And research has indicated that Trump downplaying the virus is probably a significant driver of that. So I could see this playing out at least two ways …

  1. Trump gets moderately or very sick and this does prompt Republicans to think, “Oh geez, this actually is serious and if it could happen to Trump it could happen to me”;
  2. Trump remains mostly asymptomatic and it bolsters the idea that this is actually not such a big deal.

perry: So, writing this on Friday morning, here’s what I expect …

The overwhelming majority of people, even those who are older, don’t die from COVID-19. So the most likely outcome is that Trump and some of his staffers have COVID-19, stay somewhat distanced from everyone for two weeks and then Trump returns to campaigning for reelection (I am not sure if he has the big rallies, but I wouldn’t rule that out.) I am not even sure the next two debates have to be canceled — particularly the Oct 22 one. And basically nothing has shaken Trump’s job approval ratings or really the race overall. I don’t really expect this to shift things either.

The president testing positive for COVID-19 is obviously hugely significant, but it’s not revelatory. We already knew Trump was not taking the virus seriously enough. Now, we have a much more obvious manifestation of that fact, but nothing is really different. Biden may not be able to attack Trump as bluntly on COVID now, for decorum reasons, but this positive test reinforces Biden’s message that Trump has let this crisis get out of hand. So this matters, but I’m not sure it matters electorally in terms of shifting a lot of people’s votes.

ameliatd: I know we’re thinking way down the line now, but is it possible that battling and surviving COVID-19 could actually make Trump more popular in some corners? Especially if he doesn’t get very sick?

natesilver: Amelia, I’m not sure I really buy that. I mean, somehow if it made the president into a more empathetic person, maybe, I suppose? But (i) I’m not sure that’s how he’s likely to react as opposed to sending 6,000 tweets about the “China Virus” or something; and (ii) he’s been trying to project a lot of macho-ness/dominance and to portray Biden as old and feeble and I’m not sure how contracting a serious disease himself fits into that.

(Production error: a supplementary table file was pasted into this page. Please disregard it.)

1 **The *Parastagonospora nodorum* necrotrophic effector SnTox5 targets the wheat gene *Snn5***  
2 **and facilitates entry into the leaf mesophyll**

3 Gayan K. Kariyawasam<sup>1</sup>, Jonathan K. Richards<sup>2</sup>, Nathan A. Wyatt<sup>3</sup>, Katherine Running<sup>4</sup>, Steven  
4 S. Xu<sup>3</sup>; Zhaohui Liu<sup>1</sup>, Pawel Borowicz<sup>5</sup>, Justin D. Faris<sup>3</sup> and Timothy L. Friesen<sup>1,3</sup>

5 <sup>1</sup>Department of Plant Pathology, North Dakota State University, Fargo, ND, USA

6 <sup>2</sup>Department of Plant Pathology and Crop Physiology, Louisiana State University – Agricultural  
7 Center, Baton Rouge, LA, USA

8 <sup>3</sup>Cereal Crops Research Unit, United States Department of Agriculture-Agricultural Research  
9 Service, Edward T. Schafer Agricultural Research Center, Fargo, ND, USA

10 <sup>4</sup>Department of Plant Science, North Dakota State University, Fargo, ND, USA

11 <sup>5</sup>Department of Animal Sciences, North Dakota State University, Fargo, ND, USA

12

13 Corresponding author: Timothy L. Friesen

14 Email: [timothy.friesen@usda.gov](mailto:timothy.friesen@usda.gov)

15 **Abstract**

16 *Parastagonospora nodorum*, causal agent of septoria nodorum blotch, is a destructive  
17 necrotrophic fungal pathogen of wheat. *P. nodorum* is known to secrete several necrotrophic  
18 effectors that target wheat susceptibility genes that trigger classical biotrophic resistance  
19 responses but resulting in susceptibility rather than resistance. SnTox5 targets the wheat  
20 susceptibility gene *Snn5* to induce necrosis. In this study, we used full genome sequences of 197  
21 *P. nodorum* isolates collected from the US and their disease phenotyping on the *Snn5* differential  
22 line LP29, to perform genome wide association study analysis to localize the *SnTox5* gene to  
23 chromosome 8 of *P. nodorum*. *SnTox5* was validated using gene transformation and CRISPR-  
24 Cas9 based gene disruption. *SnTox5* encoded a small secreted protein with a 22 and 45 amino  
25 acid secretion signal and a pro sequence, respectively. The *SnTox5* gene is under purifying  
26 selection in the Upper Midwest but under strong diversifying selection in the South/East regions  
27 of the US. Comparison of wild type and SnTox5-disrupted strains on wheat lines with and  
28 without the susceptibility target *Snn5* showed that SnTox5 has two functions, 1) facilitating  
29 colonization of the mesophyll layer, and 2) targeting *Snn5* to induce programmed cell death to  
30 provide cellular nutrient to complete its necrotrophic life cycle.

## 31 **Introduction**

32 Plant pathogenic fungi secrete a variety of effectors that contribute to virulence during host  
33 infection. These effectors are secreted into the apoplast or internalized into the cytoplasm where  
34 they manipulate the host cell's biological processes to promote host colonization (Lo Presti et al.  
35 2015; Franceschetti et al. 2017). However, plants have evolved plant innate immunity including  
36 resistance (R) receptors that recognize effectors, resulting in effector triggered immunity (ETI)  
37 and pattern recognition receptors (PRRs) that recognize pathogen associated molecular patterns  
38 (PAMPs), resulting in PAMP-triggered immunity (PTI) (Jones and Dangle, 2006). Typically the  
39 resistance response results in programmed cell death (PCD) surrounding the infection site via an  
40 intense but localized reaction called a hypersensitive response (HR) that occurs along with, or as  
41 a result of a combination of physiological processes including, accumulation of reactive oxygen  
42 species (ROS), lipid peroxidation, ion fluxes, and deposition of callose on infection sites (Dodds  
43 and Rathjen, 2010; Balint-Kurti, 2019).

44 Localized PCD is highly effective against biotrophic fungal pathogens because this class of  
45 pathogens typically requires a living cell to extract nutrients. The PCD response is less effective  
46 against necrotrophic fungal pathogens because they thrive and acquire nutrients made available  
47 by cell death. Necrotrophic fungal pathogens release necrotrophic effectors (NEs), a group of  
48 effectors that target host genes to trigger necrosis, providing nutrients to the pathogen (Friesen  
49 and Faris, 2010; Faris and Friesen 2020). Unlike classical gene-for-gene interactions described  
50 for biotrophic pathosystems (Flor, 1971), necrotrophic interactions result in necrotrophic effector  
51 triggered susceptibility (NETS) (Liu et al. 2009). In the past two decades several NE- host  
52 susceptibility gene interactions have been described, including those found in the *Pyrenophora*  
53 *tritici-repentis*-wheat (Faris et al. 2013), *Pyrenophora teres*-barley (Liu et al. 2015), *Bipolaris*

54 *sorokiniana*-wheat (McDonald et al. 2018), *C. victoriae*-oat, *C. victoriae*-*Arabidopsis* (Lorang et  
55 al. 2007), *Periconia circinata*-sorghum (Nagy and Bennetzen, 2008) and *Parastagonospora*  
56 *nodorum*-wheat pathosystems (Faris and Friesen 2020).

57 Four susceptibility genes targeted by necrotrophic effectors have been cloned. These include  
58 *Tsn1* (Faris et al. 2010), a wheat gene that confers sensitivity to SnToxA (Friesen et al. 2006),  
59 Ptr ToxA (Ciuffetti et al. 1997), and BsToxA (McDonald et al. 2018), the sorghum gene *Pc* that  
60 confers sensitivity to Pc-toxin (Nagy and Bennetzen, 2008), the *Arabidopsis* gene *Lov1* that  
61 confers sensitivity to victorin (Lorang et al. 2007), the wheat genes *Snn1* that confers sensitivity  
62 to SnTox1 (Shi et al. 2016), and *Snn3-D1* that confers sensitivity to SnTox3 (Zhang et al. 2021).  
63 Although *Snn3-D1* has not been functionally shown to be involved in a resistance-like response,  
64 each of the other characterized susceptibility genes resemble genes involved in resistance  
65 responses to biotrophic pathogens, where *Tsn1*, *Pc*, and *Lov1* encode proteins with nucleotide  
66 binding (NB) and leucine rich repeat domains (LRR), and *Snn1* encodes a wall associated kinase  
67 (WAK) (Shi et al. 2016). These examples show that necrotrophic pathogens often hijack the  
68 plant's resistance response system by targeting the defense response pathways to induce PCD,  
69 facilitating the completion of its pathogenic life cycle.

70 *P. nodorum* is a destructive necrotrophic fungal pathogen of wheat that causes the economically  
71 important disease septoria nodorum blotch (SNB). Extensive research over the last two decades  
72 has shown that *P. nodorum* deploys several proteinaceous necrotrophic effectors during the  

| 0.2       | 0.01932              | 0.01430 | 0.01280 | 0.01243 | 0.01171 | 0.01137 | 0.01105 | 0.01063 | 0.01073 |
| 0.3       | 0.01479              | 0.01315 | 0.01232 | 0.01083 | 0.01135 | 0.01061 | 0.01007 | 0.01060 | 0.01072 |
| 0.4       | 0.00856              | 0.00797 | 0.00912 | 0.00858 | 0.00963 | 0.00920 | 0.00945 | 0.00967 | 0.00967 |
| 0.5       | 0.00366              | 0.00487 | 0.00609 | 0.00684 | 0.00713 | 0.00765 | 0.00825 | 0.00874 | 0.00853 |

ameliatd: Well, but if he contracts a serious disease and doesn’t get very sick and recovers fairly quickly — that certainly doesn’t seem as bad for him.

natesilver: I guess if he recovers in a couple of weeks, which is still what happens for most people, maybe he’ll say he kicked COVID’s ass and/or it wasn’t that serious. But I don’t think that necessarily affects anything electorally.

ameliatd: So, is the main impact potentially less about politics and more about the way Americans think about the virus? Either prompting Republicans to take it more seriously or reinforcing their sense that this really isn’t a big deal?

There was research back in March indicating that COVID-19 spreading at CPAC helped drive a brief moment when Republicans and Democrats were on the same page about the seriousness of the virus.

perry: So I don’t buy this idea that Trump will get COVID-19, be fine and then start calling it “Fake News.” We just learned Ronna McDaneil, the RNC chair, has also tested positive. So has Hope Hicks, a top Trump adviser. [Editor’s note: Sen. Mike Lee of Utah has since announced that he has also tested positive.] I think enough people in Trump’s circle may have the virus that THOSE PEOPLE start taking this more seriously, basically forcing him to as well.

natesilver: This is one sort of message we might hear, I guess:

sarah: But this question of whether it will change how seriously people perceive the coronavirus is an interesting one. Americans overall, as we saw in our debate polling with Ipsos, listed the coronavirus as their No. 1 issue:

COVID-19 and the economy are Americans’ top two issues

Share of respondents who named each issue as the top one facing the U.S., according to a FiveThirtyEight/Ipsos poll

issue share of all Respondents
COVID-19 31.7%
The economy 21.6
Health care 7.9
Racial inequality 7.4
Climate change 5.2
Violent crime 4.8
The Supreme Court 4.5
Economic inequality 3.0
Immigration 2.8
Education 2.6
Abortion 2.3
Gun policy 1.9
Other 1.6

Data comes from polling done by Ipsos for FiveThirtyEight, using Ipsos’s KnowledgePanel, a probability-based online panel that is recruited to be representative of the U.S. population. The poll was conducted Sept. 21-28 among a general population sample of adults, with 3,133 respondents and a margin of error of +/- 1.9 percentage points.

However, among potential Trump supporters a much smaller share (15.5 percent) said the coronavirus was their most important issue, many more were concerned about the economy:

Potential Trump voters care most about the economy

Among respondents who were more likely to vote for Trump than Biden, share who named each issue as the top one facing the U.S., according to a FiveThirtyEight/Ipsos poll

issue share of trump supporters
The economy 38.4%
COVID-19 15.5
Violent crime 9.5
The Supreme Court 6.2